The other day I was folding laundry in the living room and I could hear sporadic sputterings from the television down the hall in the living room. If you leave the cable box on pause for too long it suddenly decides to switch to live t.v.. It must have been some sort of news show because I heard the announcer interviewing someone from a small town who was a volunteer fireman. A few minutes later, when I was putting towels in the linen closet I heard the announcer say that the volunteer fireman was also a volunteer for the police department.
Anyone who’s known me for an extended period of time (or anyone who worked in the First Comics Chicago offices during the late ‘80s) knows where my mind immediately went.
FIRECOP! He’s a Fireman, he’s a Cop, he’s FIRECOP! (I like to say it with a George W. Bush twang to it. It's funnier that way.)
Half the fun (and sometimes all the fun when you were waiting for distributor checks to arrive) of working at a small comic publisher in the 1980's was digging through editorial submissions. As a comic writer it was a great experience because it's better to learn from someone else's mistakes before you make them yourself. Some submissions were pretty darn good. Most were so-so. A percentage were hopeless, and then there were the really good ones--the ones that were clueless. Some people were so deluded they would copy some drawings of Captain America or Superman in blue ballpoint pen on notebook paper and really think they were good enough to get work in comics. (These were the ones who usually called the office wanting to know if their work had been reviewed yet.)
I don’t recall who was responsible for opening unsolicited submissions at First Comics. I was pretending to be Production Manager at the time, so I’m sure that I missed out on most of it, but everyone in the office knew when the latest issue of FIRECOP! arrived in the mail.
Comic book series proposals usually consisted of a single page series pitch, a script for an issue or two, some character art, and three or four pages of panel-to-panel continuity. The creator of FIRECOP! either didn’t know this or didn’t care. His work used to come in complete, drawn and lettered on 120-page college composition books.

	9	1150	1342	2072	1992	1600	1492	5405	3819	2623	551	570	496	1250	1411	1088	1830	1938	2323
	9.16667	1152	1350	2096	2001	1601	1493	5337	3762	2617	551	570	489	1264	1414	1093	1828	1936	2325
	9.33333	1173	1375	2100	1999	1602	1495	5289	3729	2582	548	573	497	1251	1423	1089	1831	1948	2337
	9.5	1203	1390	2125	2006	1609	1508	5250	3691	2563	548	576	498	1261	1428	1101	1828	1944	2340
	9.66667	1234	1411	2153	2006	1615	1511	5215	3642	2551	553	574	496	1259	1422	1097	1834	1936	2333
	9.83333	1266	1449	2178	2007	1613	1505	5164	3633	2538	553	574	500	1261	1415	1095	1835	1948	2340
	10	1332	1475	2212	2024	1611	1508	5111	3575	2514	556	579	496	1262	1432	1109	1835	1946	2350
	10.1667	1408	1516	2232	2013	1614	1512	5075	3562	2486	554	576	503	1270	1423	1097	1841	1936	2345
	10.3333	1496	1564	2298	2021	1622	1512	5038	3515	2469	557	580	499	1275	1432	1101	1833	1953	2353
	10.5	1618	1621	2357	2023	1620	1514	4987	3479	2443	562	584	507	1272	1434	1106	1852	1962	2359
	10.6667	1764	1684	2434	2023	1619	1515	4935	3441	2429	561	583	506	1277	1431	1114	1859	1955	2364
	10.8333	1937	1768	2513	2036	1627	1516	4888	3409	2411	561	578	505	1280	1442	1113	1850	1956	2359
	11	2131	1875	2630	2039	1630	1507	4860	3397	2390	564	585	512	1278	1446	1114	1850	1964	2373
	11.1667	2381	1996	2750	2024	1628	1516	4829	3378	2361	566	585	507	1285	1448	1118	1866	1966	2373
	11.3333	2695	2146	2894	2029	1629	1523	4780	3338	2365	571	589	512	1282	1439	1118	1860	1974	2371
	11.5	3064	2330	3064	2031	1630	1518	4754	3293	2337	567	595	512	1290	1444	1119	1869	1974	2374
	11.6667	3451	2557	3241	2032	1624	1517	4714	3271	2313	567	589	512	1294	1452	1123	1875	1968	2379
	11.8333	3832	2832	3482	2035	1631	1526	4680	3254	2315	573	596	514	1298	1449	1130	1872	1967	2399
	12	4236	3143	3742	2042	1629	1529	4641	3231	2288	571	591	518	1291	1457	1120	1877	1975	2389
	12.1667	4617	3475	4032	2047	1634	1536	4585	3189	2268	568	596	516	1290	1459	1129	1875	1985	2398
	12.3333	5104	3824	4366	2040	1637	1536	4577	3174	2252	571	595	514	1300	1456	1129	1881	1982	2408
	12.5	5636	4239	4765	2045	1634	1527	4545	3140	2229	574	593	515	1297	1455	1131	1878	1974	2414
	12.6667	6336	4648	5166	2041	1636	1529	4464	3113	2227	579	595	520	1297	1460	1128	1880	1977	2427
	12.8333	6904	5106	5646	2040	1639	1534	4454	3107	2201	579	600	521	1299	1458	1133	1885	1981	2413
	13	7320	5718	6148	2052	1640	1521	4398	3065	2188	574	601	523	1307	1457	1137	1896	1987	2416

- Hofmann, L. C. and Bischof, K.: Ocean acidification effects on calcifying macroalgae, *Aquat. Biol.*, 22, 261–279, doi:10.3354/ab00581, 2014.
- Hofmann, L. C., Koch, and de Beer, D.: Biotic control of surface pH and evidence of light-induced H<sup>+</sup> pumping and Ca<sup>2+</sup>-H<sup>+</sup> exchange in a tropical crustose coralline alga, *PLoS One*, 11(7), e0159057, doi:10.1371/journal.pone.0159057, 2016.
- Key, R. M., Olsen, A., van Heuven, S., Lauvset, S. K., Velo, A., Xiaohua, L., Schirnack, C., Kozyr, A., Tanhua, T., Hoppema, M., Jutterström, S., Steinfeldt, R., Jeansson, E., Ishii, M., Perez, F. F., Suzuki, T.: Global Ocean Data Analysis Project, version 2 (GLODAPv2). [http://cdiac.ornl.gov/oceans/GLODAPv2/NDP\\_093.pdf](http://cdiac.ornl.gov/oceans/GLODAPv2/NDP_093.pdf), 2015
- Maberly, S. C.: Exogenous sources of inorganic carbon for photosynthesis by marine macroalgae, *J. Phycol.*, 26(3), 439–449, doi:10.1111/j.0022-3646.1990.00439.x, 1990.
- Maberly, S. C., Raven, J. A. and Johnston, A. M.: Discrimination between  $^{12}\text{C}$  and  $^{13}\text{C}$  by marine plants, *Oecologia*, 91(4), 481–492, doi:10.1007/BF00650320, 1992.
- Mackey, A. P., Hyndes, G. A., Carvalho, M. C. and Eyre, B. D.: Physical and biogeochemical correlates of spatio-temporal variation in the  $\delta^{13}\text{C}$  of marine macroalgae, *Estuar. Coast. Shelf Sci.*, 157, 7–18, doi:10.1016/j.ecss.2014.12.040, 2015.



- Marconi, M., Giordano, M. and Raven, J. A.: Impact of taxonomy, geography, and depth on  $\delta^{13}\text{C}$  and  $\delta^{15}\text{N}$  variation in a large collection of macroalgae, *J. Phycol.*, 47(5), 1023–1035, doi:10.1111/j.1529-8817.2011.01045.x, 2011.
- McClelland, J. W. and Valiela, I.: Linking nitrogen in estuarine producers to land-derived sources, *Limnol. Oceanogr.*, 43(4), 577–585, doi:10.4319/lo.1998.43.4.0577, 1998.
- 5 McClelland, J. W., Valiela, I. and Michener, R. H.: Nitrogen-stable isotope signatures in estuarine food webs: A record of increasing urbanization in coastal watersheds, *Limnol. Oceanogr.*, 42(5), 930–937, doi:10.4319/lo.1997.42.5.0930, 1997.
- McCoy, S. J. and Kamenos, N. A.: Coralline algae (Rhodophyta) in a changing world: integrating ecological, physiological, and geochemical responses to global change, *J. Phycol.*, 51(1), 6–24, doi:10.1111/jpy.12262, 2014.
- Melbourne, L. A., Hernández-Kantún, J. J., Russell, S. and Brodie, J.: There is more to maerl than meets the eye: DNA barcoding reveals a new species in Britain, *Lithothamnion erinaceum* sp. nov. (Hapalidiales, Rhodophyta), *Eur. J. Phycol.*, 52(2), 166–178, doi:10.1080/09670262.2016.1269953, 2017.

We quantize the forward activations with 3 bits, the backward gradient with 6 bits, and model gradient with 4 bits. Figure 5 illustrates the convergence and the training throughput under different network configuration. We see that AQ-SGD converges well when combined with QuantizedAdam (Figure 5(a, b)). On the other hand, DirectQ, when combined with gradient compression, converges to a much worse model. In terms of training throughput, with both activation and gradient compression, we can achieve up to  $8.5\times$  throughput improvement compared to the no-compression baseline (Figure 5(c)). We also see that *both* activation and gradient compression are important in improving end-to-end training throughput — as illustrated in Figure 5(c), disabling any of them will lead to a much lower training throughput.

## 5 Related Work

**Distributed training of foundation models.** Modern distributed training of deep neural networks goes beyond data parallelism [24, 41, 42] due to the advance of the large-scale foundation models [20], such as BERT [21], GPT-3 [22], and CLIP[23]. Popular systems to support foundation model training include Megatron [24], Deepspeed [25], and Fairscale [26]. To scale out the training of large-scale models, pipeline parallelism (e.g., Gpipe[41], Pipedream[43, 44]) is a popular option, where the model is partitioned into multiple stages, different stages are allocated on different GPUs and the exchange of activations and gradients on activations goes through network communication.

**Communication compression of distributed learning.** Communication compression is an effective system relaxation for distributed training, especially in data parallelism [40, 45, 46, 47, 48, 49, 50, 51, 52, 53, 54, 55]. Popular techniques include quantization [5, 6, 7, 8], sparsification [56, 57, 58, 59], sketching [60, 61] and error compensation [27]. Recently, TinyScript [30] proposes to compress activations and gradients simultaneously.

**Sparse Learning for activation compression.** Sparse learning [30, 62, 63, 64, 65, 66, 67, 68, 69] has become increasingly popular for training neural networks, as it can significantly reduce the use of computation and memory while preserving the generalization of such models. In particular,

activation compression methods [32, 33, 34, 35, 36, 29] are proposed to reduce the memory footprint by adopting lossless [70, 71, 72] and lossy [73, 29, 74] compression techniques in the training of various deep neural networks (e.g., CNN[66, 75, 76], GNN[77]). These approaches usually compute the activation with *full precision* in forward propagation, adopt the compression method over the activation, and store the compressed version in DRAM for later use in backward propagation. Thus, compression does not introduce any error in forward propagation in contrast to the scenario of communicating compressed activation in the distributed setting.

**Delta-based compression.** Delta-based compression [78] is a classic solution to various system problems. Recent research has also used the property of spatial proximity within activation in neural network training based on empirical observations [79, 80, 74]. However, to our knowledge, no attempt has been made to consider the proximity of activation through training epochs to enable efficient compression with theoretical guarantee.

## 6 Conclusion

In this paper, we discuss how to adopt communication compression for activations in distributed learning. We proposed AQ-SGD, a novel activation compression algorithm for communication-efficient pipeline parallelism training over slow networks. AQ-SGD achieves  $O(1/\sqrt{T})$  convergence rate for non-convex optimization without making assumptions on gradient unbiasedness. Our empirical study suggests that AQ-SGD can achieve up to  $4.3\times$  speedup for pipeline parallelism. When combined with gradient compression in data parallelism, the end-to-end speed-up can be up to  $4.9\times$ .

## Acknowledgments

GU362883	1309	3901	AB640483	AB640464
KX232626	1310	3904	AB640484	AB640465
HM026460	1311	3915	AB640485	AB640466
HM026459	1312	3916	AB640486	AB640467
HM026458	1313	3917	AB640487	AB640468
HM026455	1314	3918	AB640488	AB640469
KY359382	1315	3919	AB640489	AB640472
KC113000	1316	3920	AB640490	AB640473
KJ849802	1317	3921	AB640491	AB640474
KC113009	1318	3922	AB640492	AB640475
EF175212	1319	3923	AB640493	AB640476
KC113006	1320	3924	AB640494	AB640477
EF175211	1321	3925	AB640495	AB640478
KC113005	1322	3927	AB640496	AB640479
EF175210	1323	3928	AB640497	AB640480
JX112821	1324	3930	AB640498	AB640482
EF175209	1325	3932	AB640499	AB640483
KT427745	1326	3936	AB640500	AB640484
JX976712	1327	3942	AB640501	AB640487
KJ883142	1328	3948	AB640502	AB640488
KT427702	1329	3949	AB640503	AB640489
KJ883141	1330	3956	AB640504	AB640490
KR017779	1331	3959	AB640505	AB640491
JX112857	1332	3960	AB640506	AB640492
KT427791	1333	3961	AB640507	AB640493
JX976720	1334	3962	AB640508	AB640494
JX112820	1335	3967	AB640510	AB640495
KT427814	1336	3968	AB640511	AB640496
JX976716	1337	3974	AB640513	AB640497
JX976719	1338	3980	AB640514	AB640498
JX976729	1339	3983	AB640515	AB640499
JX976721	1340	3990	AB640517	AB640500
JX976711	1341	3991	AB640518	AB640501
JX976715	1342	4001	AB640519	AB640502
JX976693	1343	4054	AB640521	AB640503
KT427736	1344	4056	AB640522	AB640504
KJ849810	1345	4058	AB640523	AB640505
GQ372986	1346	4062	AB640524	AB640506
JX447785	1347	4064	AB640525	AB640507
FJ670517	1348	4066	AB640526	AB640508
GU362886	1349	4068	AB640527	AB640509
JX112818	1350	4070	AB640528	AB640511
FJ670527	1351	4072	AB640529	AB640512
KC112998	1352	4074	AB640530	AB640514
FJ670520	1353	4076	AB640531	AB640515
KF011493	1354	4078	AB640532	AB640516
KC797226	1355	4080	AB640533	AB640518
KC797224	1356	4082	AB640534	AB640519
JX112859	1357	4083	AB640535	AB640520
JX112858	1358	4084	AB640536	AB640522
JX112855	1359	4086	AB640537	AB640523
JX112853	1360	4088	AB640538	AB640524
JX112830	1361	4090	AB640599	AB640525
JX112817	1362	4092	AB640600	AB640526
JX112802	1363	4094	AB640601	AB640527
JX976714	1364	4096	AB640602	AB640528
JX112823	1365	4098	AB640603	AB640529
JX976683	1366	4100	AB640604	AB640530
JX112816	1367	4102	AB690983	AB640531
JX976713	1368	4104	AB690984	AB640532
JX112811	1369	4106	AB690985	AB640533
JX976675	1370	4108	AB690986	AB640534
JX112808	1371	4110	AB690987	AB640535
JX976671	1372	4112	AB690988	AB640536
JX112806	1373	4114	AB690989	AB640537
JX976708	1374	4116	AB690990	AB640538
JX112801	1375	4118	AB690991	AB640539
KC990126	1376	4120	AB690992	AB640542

If I recall, each issue centered around FIRECOP! wandering the streets of the city until he came across a crisis that required either a fireman or a cop. After figuring out which skills were needed, he would put them to use, save the day and continue wandering along.
As you might imagine, the artwork and the writing were several levels below sub-par, and at times simply idiotic. You could tell if someone had just read an issue of Firecop because of the streams of laughter tears running down the sides of their faces. At first I thought this was the work of someone mentally challenged, but as more and more issues showed up, I began to doubt that. The thing of it was, these just weren’t pages filled with aimless scribbling, this was the work of someone making an honest (albeit hopeless) attempt at being a comic book creator. The books were ridiculous, but there was an almost admirable quality to them. They must have taken a lot of time and effort.
I don’t know if it was the FIRECOP! guy or not, but there was another regular contributor to First who used to include photos of himself with his submissions. The content of the photos always seemed to be the same. It was him at different places around the world (mostly Europe, I believe) holding a beer in his hands. In the same package there would be a photo of him with a drink on a ferry, and on a railcar, and in a crowded pub. For the life of me I can’t remember the connection, if there ever was one.
All I know for certain is that if I’m being robbed at the same time my house is on fire, I know who I’m going to call. Hey, FIRECOP!